The hardest thing I’ve ever encountered as a manager is:
Letting an employee go is never easy, but it’s even more unpleasant when the person is a workplace friend. I’ve been warned to not fraternize when in a management position, but truth is, that’s easier said than done. Most of us spend more time at work than we do at home and I’d be lying if I said I didn’t have friendships with those that report to me.
That said, I still have a job to do. As a manager, I need to care personally about each employee, but also need to provide appropriate challenges, opportunities for growth, and constructive feedback. The risk of turning a blind eye to an underperforming team member could cause team morale to plummet and the quality of work to suffer.
The hardest part: I wasn’t prepared to lose a friend. It’s very hard to predict how someone will react when they are let go. While I attempted to get back in touch after the fact, they chose not to maintain contact. That’s something I slowly accepted, but not before questioning, “did I do enough to keep this from happening?”
I miss the friendship and am reminded of it often, but know I made the right decision in the end.
If you’re thinking about moving into management, do this first:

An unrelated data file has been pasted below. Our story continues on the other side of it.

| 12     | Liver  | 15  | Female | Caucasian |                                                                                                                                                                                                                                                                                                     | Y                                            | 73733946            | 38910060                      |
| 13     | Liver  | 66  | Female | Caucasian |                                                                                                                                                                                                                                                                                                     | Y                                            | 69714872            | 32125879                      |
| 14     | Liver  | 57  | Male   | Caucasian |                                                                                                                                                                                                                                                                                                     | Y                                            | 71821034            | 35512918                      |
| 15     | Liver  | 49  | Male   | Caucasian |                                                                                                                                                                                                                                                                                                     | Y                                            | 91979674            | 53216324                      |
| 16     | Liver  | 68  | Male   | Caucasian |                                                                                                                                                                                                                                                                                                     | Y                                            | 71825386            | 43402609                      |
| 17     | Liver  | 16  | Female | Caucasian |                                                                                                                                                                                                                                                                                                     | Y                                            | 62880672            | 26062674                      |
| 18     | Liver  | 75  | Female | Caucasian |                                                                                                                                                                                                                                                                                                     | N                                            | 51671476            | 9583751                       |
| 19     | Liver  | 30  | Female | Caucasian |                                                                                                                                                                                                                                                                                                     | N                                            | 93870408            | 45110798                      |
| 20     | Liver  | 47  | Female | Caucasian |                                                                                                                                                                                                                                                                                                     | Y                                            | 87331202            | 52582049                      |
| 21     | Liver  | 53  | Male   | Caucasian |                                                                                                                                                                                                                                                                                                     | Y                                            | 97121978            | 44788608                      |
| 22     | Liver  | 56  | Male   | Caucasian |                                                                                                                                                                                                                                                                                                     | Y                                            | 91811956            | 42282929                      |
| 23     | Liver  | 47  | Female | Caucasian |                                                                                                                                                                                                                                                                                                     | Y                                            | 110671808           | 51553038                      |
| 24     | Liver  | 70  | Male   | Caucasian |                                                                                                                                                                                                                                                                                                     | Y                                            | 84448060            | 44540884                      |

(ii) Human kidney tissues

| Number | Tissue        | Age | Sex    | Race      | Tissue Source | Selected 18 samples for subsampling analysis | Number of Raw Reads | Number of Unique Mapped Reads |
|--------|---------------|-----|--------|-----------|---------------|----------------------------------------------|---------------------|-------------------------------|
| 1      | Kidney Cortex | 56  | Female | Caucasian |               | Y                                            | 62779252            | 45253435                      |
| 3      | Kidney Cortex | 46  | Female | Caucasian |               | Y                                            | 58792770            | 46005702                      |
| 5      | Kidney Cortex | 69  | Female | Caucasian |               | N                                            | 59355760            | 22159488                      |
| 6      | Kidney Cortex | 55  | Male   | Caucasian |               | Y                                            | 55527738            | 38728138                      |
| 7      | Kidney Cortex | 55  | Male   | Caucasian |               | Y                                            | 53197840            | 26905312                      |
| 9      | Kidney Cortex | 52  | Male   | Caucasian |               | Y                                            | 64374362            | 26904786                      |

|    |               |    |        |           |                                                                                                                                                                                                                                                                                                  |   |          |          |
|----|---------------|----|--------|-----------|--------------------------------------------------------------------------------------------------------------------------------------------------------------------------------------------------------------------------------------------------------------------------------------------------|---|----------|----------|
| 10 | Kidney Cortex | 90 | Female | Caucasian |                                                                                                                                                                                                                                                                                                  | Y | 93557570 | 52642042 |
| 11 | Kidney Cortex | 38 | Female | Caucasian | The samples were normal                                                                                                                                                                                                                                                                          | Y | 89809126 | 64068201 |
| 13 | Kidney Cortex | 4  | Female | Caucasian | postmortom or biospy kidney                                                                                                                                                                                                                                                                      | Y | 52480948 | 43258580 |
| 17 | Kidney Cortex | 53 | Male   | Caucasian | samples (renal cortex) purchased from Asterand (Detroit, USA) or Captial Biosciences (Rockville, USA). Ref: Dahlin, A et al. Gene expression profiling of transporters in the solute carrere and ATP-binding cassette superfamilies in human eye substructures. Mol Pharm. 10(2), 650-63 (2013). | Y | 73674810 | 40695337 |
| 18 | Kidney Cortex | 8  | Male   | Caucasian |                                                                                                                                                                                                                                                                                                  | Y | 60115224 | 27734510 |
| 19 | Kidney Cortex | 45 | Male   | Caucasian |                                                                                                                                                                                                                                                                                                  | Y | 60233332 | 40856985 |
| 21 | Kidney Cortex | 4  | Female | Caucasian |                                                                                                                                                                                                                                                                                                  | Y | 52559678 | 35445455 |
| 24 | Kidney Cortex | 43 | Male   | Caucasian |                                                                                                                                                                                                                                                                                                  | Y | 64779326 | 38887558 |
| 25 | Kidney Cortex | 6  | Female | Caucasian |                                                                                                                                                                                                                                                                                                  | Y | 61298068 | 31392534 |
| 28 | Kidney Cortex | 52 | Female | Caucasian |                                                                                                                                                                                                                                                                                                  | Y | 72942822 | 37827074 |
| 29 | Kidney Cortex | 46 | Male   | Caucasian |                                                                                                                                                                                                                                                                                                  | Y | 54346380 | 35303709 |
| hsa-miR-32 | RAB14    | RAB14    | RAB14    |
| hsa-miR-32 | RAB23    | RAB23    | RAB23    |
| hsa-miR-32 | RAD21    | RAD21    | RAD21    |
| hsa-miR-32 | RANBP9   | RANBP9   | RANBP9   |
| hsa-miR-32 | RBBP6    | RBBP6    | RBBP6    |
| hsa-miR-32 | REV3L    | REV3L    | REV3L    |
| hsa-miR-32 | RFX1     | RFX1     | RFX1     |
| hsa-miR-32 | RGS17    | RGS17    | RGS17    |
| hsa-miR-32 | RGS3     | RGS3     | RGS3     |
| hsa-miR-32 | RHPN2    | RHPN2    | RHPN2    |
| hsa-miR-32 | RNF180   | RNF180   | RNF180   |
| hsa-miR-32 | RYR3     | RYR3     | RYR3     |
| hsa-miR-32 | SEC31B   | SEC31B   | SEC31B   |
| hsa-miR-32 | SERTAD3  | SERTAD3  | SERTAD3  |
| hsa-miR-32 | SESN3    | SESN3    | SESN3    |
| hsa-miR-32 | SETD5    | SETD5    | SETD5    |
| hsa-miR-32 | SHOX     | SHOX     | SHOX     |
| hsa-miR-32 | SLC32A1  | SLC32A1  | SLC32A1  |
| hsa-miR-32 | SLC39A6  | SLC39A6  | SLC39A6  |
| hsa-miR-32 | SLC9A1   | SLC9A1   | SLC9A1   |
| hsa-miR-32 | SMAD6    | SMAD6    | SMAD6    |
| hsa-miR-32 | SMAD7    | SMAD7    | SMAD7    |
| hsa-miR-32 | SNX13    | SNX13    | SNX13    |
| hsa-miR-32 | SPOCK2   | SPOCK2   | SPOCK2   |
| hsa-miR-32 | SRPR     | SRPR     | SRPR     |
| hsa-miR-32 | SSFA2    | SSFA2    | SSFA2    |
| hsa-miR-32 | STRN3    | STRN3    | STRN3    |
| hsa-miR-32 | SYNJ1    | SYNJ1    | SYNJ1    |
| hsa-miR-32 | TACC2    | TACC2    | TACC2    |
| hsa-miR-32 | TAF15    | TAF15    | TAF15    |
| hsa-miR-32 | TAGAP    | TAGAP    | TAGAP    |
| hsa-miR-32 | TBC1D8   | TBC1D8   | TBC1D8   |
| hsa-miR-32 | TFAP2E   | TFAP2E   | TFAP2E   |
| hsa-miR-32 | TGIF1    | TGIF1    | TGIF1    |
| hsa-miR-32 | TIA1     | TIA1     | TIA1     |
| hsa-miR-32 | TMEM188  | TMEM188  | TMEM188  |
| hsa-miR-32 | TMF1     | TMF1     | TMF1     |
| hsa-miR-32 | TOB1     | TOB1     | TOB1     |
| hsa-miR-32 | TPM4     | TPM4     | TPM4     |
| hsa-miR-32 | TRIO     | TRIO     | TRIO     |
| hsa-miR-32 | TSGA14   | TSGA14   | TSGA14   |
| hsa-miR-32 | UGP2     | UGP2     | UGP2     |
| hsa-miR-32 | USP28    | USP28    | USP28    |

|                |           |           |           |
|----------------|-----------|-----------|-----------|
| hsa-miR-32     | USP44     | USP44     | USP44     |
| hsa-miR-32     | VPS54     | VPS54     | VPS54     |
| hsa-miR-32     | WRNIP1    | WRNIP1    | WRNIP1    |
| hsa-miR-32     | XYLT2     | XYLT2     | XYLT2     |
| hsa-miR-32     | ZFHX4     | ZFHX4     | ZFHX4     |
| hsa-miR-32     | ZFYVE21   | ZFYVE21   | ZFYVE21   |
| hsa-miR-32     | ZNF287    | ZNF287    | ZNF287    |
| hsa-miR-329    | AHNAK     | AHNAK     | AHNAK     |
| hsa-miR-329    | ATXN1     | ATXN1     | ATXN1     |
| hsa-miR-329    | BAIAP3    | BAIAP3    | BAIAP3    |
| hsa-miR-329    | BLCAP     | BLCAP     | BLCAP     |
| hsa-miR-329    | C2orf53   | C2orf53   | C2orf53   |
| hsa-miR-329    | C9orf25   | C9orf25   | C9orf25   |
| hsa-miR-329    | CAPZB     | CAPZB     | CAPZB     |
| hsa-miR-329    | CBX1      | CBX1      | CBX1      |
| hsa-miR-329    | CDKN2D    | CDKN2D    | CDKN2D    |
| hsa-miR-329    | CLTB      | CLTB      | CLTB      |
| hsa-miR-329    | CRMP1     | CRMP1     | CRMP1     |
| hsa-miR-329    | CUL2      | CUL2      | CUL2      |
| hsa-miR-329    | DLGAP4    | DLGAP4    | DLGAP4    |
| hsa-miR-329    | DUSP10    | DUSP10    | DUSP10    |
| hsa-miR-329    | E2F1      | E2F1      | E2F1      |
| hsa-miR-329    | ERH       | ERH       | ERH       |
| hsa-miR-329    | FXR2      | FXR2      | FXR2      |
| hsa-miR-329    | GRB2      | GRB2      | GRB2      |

One of the best ways to show that you’re ready for a leadership role is to take on small management tasks. Your willingness to do more than just fulfill your basic job description will make it known that you’re ready for more responsibility. Be proactive in asking your boss if there are any managerial tasks you can take off his or her plate—training new hires, managing an intern, or even facilitating a meeting.
Here’s a practical tip about managing:
Challenge each employee to excel in his or her own way and capitalize on what is unique about each person. This, in turn, builds a stronger sense of team by creating interdependence.
My manager heart is happy when:
I’m in a meeting and I can give credit to my direct reports for a job well done. While trusting direct reports is hard since I’m ultimately responsible for their output, it’s the job I signed up for. Especially in highly political organizations, people often get credit based on their power or seniority, not their actual contributions. It’s my job to change that, not just in private 1:1 settings but in public meetings as well.
While recognition from me is great, it’s an even prouder moment when members of upper management direct their praise appropriately to my direct reports, showing they too value their contributions. Great ideas without great people are irrelevant so it’s important to give credit where credit is due.
Want to attend a manager training where the attendees are thoughtful and strategic? Join us at an upcoming event… details here.